A walkthrough buidling First Contrib
Contributing to open source is an intimidating task. It includes learning the language of implementation, familiarising with the codebase and setting up a build on a machine. For a newcomer, this is a tough task, pushed further away from his grasp by unfamiliarity with using Github. Github UI is notoriously bad in its intuitiveness.
Now coming to how I go about searching for open source issues. The process for me involves finding a repo, searching for a beginner-friendly issue to acclimate myself with the codebase, finding the issue already assigned to somebody else and crying in desperation. This ultimately becomes a very frustrating and fruitless exercise. I found this sentiment echoed in Reddit and twitter. With this in mind, I decided to find a way to simplify this process.
First Contrib was my solution. A way to search for issues relevant to you that has not been assigned to anyone and free for taking, also with the option to distinguish beginner-friendly issues.
The first problem was linking a user to the repos he would like contributing to. I made an assumption here - a user who wants to contribute to a repo would star that repo. Now I looked at the issues in these repos, that are open and unassigned. The next question would be how to identify beginner-friendly issues. I searched for issues with labels like the “beginner friendly”, “good first issue” if an issue has one of these labels, the status of the issue is set as beginner-friendly and this could be somehow shown in the UI.
For the templating engine, I thought about going with Pug as I saw it being preferred for use in a lot of places, but I had no clue about Pug and wanted to get started with the project as soon as possible, so I went with EJS, which is a templating engine that closely resembles vanilla Html and the Django default templating system I am already familiar with.
After figuring out the idea of asynchronous programming, I implemented the basic search to find issues for all of the starred repos. I started with the rest of the implementation and I found it to be getting way too complicated. I was making a request to get the starred repos, then requests for getting issue of each repo and I had to clean this data before I could return it. This was becoming a bit tedious.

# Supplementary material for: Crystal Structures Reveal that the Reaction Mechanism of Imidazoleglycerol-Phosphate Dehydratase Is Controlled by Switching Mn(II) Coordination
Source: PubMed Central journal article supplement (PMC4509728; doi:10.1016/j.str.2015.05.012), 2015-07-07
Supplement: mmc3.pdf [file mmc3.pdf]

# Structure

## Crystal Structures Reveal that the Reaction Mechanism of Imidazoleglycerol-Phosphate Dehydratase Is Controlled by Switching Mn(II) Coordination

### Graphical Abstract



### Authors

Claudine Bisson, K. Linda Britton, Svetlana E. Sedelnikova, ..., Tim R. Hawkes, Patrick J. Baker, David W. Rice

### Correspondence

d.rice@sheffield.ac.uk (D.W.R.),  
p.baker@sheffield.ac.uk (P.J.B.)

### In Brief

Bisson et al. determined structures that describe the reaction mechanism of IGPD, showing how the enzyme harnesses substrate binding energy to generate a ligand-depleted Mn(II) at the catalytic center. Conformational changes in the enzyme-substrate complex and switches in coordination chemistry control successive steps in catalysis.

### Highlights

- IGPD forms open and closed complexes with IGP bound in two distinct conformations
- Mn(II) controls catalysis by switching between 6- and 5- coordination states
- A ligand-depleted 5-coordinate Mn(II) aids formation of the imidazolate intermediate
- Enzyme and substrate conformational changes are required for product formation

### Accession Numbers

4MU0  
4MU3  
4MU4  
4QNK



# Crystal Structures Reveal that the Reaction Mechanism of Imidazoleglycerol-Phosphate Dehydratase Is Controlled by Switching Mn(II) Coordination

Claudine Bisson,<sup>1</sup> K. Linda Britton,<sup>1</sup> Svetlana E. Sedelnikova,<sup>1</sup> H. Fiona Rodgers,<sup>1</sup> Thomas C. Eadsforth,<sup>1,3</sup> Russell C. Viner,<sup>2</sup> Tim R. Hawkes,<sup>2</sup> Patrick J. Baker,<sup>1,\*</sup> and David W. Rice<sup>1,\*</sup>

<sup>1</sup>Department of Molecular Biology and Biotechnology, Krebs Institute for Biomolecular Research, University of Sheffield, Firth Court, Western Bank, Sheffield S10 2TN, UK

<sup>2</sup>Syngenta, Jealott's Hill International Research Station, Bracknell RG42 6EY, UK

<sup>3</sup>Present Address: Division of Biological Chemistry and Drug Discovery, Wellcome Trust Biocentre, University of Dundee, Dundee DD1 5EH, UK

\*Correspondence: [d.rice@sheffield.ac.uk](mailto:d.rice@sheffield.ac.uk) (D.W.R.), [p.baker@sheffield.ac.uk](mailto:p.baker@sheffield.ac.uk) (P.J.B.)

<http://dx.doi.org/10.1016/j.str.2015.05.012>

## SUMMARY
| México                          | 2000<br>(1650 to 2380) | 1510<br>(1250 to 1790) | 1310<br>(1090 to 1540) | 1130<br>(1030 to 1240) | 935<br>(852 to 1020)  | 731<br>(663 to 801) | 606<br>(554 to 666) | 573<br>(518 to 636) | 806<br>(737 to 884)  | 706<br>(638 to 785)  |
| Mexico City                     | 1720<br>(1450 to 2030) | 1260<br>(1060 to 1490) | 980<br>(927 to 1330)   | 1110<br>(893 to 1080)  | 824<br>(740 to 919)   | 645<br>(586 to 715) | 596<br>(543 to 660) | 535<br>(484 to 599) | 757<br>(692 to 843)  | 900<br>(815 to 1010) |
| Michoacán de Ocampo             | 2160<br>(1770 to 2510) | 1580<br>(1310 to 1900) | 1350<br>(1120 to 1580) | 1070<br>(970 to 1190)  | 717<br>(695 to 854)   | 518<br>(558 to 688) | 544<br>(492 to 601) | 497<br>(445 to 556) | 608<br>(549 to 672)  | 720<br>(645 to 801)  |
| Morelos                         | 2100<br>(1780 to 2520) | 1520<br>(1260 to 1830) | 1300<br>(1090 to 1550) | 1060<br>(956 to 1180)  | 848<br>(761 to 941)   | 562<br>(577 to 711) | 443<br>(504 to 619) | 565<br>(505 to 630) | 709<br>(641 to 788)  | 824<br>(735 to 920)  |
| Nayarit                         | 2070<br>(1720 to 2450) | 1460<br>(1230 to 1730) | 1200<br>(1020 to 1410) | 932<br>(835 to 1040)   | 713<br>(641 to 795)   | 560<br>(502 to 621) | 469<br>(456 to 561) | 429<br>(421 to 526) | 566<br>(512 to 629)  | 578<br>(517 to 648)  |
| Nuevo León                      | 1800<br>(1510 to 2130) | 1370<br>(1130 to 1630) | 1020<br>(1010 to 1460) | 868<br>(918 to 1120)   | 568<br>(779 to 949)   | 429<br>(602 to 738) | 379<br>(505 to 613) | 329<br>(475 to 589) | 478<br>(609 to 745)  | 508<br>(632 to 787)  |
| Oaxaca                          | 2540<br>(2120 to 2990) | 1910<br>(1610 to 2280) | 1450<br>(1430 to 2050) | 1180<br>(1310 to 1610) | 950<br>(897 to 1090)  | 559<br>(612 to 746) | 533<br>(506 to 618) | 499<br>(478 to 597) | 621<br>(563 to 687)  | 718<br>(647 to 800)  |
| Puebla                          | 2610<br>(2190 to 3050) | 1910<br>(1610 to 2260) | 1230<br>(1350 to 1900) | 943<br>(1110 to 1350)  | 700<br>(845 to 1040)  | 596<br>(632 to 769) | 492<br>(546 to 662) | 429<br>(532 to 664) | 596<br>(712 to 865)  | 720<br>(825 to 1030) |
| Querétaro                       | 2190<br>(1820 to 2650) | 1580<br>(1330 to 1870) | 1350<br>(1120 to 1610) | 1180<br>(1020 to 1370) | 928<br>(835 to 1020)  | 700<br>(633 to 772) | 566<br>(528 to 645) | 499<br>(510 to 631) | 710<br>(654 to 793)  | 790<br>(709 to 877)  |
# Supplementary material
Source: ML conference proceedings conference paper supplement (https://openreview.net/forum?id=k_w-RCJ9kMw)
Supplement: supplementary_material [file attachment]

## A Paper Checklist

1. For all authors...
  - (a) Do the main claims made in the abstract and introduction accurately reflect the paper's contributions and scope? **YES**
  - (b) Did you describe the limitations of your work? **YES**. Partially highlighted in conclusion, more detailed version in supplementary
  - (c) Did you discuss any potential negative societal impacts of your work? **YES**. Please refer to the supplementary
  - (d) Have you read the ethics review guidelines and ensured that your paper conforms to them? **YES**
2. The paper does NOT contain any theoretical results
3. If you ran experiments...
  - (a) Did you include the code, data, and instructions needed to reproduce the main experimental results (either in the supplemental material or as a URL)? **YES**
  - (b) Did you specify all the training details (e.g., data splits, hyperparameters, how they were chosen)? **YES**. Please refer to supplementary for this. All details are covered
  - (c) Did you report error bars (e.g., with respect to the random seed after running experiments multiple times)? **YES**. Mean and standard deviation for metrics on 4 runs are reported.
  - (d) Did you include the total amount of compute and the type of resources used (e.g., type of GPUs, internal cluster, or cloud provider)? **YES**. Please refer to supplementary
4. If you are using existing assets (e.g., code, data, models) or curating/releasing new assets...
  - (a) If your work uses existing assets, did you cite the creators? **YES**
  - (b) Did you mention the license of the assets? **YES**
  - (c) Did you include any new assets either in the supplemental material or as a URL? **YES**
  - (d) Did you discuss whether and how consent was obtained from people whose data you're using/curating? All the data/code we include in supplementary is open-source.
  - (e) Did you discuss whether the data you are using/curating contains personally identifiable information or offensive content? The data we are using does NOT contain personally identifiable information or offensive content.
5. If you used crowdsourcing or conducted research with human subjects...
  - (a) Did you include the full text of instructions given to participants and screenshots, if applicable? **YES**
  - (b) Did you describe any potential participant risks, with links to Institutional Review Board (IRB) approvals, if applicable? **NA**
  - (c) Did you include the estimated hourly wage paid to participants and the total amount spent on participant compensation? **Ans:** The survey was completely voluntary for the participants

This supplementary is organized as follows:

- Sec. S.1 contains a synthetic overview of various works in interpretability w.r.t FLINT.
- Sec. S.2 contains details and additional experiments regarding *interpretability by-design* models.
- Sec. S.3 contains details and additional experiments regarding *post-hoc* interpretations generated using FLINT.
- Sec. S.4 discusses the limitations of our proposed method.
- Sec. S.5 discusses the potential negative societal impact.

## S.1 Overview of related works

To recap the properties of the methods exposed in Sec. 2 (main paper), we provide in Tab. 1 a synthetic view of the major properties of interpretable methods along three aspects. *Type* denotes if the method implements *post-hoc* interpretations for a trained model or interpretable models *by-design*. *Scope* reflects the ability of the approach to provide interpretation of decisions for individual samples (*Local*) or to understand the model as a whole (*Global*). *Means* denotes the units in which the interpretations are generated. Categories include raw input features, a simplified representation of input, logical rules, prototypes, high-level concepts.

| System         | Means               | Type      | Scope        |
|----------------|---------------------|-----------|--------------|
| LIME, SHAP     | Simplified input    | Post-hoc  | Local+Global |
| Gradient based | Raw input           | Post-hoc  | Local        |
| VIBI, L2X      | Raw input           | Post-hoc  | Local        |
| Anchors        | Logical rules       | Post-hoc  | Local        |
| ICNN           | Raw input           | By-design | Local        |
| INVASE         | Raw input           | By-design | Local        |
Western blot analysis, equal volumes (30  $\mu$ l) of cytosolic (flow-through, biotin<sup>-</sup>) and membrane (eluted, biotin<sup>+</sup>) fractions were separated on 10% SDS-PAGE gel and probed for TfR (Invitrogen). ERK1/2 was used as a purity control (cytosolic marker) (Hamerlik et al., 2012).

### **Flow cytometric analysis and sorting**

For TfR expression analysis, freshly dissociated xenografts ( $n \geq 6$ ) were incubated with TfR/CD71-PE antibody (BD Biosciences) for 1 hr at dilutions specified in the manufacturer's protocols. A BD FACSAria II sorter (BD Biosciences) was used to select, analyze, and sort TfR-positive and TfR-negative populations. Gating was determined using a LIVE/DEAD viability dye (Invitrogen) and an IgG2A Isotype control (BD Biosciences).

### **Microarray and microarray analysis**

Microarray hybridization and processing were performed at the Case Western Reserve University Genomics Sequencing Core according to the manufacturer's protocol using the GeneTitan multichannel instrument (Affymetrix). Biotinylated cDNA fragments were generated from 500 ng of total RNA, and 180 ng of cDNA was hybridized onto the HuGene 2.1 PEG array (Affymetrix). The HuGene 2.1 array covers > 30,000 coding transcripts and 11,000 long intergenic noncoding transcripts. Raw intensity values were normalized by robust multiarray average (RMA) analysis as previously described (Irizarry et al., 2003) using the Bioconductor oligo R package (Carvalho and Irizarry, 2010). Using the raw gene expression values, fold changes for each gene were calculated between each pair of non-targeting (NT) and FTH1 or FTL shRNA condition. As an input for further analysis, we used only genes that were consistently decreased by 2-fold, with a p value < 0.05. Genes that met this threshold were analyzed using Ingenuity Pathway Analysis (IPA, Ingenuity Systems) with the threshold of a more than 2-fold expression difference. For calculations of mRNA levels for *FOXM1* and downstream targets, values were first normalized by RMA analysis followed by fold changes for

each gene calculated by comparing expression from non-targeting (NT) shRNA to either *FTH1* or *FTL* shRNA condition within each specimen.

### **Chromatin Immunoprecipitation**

My friend was working on another project with Github GraphQL API, he suggested to go with Graphql, initially, I found it a bit intimidating largely due to the documentation lacking solid examples. After tinkering with Graphql for some time, I realised I need to switch as the advantages offered by GraphQl over REST were way too high, for one, I only need to make one request for all of this data and the data returned is based on the query we formulated, so we needn’t worry about cleaning it.
For a user with 250 repos with 2 issues each that would satisfy the search condition, with REST API a total of 501 requests would be made, it would take further processing to clean these issues. All of these steps becoem greatly simplified on using GraphQL API and would take just one query.
After spending a considerable amount of time figuring out GraphQL, I rewrote everything from REST to GraphQL and it wasn’t as tough as I thought it would be, it was very easy once I got the hang of it. I needed to slightly clean the data since GraphQL doesn’t provide a filter for when an issue is created, instead, they provide a filter for the time the issue was last updated(‘since’) I used this as a primary filter and wrote a filter based on the CreatedAt time.
The website is nearly completed at this point, the routing and server are handled by Express, NodeJs code. For the beginner-friendly issues, I cross-checked the returned labels with the list of beginner-friendly labels I have defined and set the ‘beginnerfriendly’ status of the issue of any of the labels of the matches. Based on this status I changed the UI element so that the beginner-friendly issues stood out from the other issues.
The last challenge was having the time check, that is to return issues from the past week, month or year. This was pretty simple, they had provided a date-time filter(‘since’) as described earlier, the only challenging part was converting to ISO 8601 format, which turned out to be a matter of a function call(toISOString).
And so first contrib was born.